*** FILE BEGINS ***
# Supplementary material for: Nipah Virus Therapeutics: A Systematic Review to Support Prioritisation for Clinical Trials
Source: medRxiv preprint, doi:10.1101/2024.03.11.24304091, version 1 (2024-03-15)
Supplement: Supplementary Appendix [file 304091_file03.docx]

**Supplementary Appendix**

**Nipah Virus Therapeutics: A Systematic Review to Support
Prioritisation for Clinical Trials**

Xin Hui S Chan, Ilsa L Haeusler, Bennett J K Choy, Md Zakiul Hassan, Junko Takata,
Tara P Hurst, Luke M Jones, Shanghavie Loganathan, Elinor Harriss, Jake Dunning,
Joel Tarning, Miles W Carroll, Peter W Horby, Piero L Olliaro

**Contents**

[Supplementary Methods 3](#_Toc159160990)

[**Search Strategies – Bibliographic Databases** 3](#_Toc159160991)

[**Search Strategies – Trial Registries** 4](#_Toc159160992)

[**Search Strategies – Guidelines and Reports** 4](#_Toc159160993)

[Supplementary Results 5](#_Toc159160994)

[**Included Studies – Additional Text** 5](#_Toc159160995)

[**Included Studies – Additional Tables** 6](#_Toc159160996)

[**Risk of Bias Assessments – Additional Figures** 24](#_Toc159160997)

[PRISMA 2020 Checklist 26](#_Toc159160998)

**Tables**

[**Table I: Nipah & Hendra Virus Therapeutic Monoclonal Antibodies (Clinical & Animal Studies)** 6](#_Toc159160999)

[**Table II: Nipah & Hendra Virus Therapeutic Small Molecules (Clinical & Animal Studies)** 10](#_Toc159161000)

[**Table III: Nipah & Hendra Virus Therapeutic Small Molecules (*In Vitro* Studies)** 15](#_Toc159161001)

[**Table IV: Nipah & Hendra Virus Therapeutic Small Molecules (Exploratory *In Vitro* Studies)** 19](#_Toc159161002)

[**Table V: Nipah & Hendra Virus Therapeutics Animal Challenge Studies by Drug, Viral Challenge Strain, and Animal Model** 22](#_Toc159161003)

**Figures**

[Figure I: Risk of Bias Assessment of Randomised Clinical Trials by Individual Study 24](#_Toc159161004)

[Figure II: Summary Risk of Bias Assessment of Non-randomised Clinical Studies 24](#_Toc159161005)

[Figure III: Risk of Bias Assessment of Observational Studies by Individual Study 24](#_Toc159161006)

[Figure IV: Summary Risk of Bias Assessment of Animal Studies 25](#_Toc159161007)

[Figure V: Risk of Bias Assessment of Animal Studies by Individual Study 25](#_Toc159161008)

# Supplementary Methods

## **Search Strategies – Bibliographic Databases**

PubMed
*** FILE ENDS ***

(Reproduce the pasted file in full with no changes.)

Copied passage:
# Supplementary material for: Nipah Virus Therapeutics: A Systematic Review to Support Prioritisation for Clinical Trials
Source: medRxiv preprint, doi:10.1101/2024.03.11.24304091, version 1 (2024-03-15)
Supplement: Supplementary Appendix [file 304091_file03.docx]

**Supplementary Appendix**

**Nipah Virus Therapeutics: A Systematic Review to Support
Prioritisation for Clinical Trials**

Xin Hui S Chan, Ilsa L Haeusler, Bennett J K Choy, Md Zakiul Hassan, Junko Takata,
Tara P Hurst, Luke M Jones, Shanghavie Loganathan, Elinor Harriss, Jake Dunning,
Joel Tarning, Miles W Carroll, Peter W Horby, Piero L Olliaro

**Contents**

[Supplementary Methods 3](#_Toc159160990)

[**Search Strategies – Bibliographic Databases** 3](#_Toc159160991)

[**Search Strategies – Trial Registries** 4](#_Toc159160992)

[**Search Strategies – Guidelines and Reports** 4](#_Toc159160993)

[Supplementary Results 5](#_Toc159160994)

[**Included Studies – Additional Text** 5](#_Toc159160995)

[**Included Studies – Additional Tables** 6](#_Toc159160996)

[**Risk of Bias Assessments – Additional Figures** 24](#_Toc159160997)

[PRISMA 2020 Checklist 26](#_Toc159160998)

**Tables**

[**Table I: Nipah & Hendra Virus Therapeutic Monoclonal Antibodies (Clinical & Animal Studies)** 6](#_Toc159160999)

[**Table II: Nipah & Hendra Virus Therapeutic Small Molecules (Clinical & Animal Studies)** 10](#_Toc159161000)

[**Table III: Nipah & Hendra Virus Therapeutic Small Molecules (*In Vitro* Studies)** 15](#_Toc159161001)

[**Table IV: Nipah & Hendra Virus Therapeutic Small Molecules (Exploratory *In Vitro* Studies)** 19](#_Toc159161002)

[**Table V: Nipah & Hendra Virus Therapeutics Animal Challenge Studies by Drug, Viral Challenge Strain, and Animal Model** 22](#_Toc159161003)

**Figures**

[Figure I: Risk of Bias Assessment of Randomised Clinical Trials by Individual Study 24](#_Toc159161004)

[Figure II: Summary Risk of Bias Assessment of Non-randomised Clinical Studies 24](#_Toc159161005)

[Figure III: Risk of Bias Assessment of Observational Studies by Individual Study 24](#_Toc159161006)

[Figure IV: Summary Risk of Bias Assessment of Animal Studies 25](#_Toc159161007)

[Figure V: Risk of Bias Assessment of Animal Studies by Individual Study 25](#_Toc159161008)

# Supplementary Methods

## **Search Strategies – Bibliographic Databases**

PubMed